Both archivists and researchers worried about the unknown longevity of microfilm and the lack of control the administration would have if valuable documents were dispersed to regional sites.
Although such a move would save space, the public strongly opposed the proposal, and Freeman's plan was quietly dropped.
V. An International Emphasis on Microfilm
In 1966, the Extraordinary Congress of the International Council on Archives was held in Washington, DC.
Here, microfilm was discussed on an international stage.
At this international conference, Morris Rieger, an archivist for the National Archives of the United States, recommended that the ICA create a microfilm and publication program. As a result, the ICA established the Microphotography Committee.
This Microphotography Committee promoted Albert H. Leisinger, Jr.'s book, “Microphotography for Archives,” which emphasized using microfilm as a way to publish valued documents.
According to a survey by the committee, out of 56 countries, all but 10 archives were prepared to participate in microfilming.
In 1977, the ABC network produced the television miniseries “Roots.”
The miniseries was the television adaptation of Alex Haley's 1976 novel, “Roots: The Saga of an American Family.”
It followed the story of Kunta Kinte, Haley's ancestor who had been captured and sold into slavery at an early age.
Two years later, a sequel miniseries, "Roots: The Next Generations" continued the story of Haley's ancestry from the post–Civil War years until the 1960s.
“Roots” won nine Emmy Awards and a Golden Globe, and its finale continues to be one of the highest rated episodes of any television series.
As the nation watched Alex Haley trace his roots, interest in genealogy boomed.
For the first time, there were lines to use microfilm readers, and a time limit was set for researchers using the machines.
By the end of 1977, research demands were 50 percent higher than they had been in previous years.
Although the National Archives had made significant progress in microfilming over the years, by the 1990s, only a minuscule fraction of its holdings had been microfilmed.
According to email feedback and website surveys in the mid-2000s, visitors expected to find ALL of the holdings online.
As a result, in the late 1990s, the National Archives launched the Electronic Access Project with the financial support of congressional appropriations.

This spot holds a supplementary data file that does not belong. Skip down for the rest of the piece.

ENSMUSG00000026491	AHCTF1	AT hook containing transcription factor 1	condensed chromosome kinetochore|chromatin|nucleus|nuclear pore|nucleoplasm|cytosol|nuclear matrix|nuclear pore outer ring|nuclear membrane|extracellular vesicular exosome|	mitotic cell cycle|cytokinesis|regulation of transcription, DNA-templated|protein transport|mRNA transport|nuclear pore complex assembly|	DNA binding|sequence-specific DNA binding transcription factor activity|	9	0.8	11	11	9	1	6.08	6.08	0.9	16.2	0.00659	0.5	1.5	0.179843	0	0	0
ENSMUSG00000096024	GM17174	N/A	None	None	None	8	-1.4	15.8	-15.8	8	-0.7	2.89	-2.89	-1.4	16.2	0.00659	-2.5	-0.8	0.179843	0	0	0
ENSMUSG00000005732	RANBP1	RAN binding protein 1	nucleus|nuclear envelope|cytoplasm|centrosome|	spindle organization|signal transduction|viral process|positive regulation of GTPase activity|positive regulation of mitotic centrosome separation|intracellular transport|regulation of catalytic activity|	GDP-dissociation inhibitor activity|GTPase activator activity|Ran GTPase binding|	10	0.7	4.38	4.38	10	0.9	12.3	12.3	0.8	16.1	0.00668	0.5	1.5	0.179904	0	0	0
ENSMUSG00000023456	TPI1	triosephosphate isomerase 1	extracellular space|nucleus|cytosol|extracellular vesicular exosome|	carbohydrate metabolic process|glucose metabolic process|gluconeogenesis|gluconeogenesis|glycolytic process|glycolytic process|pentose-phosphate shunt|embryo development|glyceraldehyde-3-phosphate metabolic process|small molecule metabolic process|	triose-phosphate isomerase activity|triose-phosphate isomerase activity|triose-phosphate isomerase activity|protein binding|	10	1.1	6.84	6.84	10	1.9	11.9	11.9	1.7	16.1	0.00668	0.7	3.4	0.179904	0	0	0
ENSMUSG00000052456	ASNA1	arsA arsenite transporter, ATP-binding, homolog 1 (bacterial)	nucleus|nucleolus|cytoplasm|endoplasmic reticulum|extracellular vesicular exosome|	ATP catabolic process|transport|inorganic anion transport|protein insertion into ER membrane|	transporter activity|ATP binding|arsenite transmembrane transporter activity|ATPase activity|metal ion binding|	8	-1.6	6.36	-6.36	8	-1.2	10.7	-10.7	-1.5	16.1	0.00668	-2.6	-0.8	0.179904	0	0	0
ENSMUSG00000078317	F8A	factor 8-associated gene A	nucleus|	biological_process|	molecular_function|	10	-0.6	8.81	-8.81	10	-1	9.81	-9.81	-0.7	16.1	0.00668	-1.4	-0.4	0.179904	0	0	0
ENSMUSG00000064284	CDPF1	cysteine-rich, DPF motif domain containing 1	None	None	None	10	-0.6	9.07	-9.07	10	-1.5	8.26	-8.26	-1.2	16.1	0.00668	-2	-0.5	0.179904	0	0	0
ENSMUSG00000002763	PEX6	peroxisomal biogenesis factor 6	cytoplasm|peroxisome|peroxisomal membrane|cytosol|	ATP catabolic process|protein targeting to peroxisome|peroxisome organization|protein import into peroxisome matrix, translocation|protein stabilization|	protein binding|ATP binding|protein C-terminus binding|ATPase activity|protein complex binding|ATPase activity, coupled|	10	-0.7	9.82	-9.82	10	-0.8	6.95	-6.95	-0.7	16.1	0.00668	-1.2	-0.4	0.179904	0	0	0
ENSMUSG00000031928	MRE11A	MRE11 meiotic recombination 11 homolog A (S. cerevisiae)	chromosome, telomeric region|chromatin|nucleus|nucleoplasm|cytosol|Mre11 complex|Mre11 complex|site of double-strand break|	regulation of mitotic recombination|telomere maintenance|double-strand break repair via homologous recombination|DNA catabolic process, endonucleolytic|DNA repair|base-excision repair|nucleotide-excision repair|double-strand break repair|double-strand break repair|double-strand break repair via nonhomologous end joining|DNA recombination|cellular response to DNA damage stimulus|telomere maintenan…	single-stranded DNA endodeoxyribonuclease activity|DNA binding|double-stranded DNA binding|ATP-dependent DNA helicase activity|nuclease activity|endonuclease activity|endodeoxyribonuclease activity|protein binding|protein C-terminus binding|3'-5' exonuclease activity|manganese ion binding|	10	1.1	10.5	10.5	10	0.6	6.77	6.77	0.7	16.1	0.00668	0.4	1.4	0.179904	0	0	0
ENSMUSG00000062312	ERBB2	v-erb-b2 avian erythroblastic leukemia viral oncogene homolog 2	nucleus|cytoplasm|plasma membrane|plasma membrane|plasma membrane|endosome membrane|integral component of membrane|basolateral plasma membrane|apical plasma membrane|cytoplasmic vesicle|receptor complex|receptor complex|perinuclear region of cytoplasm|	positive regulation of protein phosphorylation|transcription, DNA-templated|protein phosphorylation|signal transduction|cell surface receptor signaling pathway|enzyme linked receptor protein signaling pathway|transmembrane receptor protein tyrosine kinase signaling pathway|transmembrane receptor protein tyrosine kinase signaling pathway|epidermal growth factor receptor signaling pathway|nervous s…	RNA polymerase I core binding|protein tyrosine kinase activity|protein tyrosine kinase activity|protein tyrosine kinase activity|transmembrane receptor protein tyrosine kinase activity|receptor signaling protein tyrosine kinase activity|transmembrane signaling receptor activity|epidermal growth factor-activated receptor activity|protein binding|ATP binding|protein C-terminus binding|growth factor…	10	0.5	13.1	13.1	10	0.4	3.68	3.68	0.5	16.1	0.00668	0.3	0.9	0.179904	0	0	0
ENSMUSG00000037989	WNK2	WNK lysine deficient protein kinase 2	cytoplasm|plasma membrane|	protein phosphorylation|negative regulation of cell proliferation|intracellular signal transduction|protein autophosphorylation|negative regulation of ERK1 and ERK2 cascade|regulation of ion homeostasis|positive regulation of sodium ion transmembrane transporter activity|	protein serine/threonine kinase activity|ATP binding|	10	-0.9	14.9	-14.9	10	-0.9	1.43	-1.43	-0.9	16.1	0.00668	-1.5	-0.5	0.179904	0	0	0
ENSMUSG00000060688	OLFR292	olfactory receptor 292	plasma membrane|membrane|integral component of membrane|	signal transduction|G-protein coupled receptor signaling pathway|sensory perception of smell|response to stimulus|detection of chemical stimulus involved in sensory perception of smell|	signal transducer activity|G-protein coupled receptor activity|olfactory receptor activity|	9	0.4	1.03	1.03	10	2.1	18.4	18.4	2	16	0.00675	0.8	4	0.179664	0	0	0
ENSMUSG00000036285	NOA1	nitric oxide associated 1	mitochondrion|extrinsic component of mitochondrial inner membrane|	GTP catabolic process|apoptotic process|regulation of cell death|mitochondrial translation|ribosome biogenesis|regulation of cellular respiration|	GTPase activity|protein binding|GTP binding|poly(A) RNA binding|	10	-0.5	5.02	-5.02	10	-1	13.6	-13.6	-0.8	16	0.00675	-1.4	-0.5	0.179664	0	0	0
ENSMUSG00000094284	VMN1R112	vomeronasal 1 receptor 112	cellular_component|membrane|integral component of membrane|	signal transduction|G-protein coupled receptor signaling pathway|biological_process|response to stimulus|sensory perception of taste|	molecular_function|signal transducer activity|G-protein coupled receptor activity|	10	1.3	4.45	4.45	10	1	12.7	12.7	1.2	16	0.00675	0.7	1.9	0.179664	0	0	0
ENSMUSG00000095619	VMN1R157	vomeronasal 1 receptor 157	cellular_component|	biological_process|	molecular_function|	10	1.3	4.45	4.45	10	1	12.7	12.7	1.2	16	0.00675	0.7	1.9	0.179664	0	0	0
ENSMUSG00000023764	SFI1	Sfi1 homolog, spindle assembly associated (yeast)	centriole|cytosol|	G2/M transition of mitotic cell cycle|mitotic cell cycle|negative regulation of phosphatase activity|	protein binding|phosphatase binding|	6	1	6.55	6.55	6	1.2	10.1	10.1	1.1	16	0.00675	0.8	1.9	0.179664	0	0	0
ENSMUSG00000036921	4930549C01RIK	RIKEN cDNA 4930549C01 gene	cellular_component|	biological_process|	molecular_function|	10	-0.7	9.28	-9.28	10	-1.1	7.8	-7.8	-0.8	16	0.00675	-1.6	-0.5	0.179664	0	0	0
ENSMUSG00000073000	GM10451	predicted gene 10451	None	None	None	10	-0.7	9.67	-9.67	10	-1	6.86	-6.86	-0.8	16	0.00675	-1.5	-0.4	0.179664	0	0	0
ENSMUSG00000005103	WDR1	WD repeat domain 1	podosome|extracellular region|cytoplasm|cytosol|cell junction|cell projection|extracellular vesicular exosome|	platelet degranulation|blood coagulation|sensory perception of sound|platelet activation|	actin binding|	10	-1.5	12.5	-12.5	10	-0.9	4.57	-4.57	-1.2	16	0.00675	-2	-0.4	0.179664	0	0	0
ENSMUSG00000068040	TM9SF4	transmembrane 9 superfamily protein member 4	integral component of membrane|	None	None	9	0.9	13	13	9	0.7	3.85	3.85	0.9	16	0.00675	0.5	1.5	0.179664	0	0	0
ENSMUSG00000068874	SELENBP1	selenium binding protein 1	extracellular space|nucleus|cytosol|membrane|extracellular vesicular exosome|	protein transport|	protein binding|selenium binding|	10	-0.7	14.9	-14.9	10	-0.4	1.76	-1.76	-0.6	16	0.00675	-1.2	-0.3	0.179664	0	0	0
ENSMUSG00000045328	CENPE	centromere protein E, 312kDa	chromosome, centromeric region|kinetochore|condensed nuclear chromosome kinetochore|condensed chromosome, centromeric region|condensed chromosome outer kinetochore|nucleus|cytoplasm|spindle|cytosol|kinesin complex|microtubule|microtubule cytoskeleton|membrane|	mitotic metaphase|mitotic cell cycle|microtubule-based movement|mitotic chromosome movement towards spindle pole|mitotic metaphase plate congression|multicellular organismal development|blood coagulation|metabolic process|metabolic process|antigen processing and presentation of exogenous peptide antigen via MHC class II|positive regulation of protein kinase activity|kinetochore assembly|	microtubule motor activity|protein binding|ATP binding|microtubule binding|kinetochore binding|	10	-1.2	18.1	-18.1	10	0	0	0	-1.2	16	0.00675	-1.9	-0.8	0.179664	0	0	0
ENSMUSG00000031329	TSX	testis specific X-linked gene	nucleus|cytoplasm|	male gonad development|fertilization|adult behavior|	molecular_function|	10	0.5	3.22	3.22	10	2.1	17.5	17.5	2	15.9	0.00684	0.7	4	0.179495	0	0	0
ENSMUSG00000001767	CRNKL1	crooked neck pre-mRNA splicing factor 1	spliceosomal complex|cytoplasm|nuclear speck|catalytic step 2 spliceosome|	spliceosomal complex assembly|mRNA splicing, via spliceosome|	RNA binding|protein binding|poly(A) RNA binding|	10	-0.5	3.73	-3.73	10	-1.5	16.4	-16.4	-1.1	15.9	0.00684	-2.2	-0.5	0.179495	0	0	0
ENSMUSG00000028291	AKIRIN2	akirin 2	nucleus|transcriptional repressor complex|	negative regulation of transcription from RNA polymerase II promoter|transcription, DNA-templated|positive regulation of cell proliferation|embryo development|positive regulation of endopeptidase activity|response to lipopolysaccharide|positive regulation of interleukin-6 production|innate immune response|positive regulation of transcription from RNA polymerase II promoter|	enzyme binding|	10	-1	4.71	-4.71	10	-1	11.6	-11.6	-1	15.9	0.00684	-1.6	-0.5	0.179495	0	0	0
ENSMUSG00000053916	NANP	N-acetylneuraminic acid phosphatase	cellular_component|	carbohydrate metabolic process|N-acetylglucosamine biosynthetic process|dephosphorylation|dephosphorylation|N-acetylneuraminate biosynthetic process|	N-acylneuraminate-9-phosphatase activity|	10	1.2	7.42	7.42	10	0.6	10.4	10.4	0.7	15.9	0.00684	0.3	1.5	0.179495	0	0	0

Through the Electronic Access Project, 124,000 digital copies were reproduced.
In 2004, the National Archives published the “Technical Guidelines for Digitizing Archival Materials for Electronic Access.”
Although these guidelines have since been replaced by a more current protocol, this system was often referenced in digitization projects by cultural heritage institutions across the nation.
Since 2007, the National Archives has continued to make a large-scale effort to digitize records for public access.
Through its most recent plan, the “Strategy for Digitizing Archival Materials for Public Access, 2015–2024,” the National Archives is striving to expand digitization for its most important historical holdings.
Today the online National Archives Catalog contains series-level descriptions of more than 85 percent of its permanent records and more than 2 million digitized copies.
Today, the National Archives has over 4,000 microfilm publications.
Some of the most popular publications are the census catalogs, which give researchers a description of the National Archives' census holdings.
Another publication includes a comprehensive research guide to microfilm holdings, so that researchers may understand the types of records the institution possesses more generally.
Also, the National Archives has subject catalogs for researchers interested in a particular topic. These include: American Indians, Black Studies, Diplomatic Records, Federal Court Records, Genealogical and Biographical Research,Immigrant and Passenger Arrivals, and Military Service Records.
The National Archives' regional archives were once bustling with researchers using microfilm.
However, today, many of the microfilmed records have been digitized and are available online.
The Microfilm Reading Room in Washington, DC, is still of particular interest to those studying genealogy.
Can't make it to DC? Microfilm copies may be purchased online.
Curator — Emily Niekrasz, National Archives
Editor — Mary Ryan, National Archives
Contributor — Jeff Reed, National Archives
Contributor — Jennifer Seitz, National Archives
Historian — Jessie Kratz, National Archives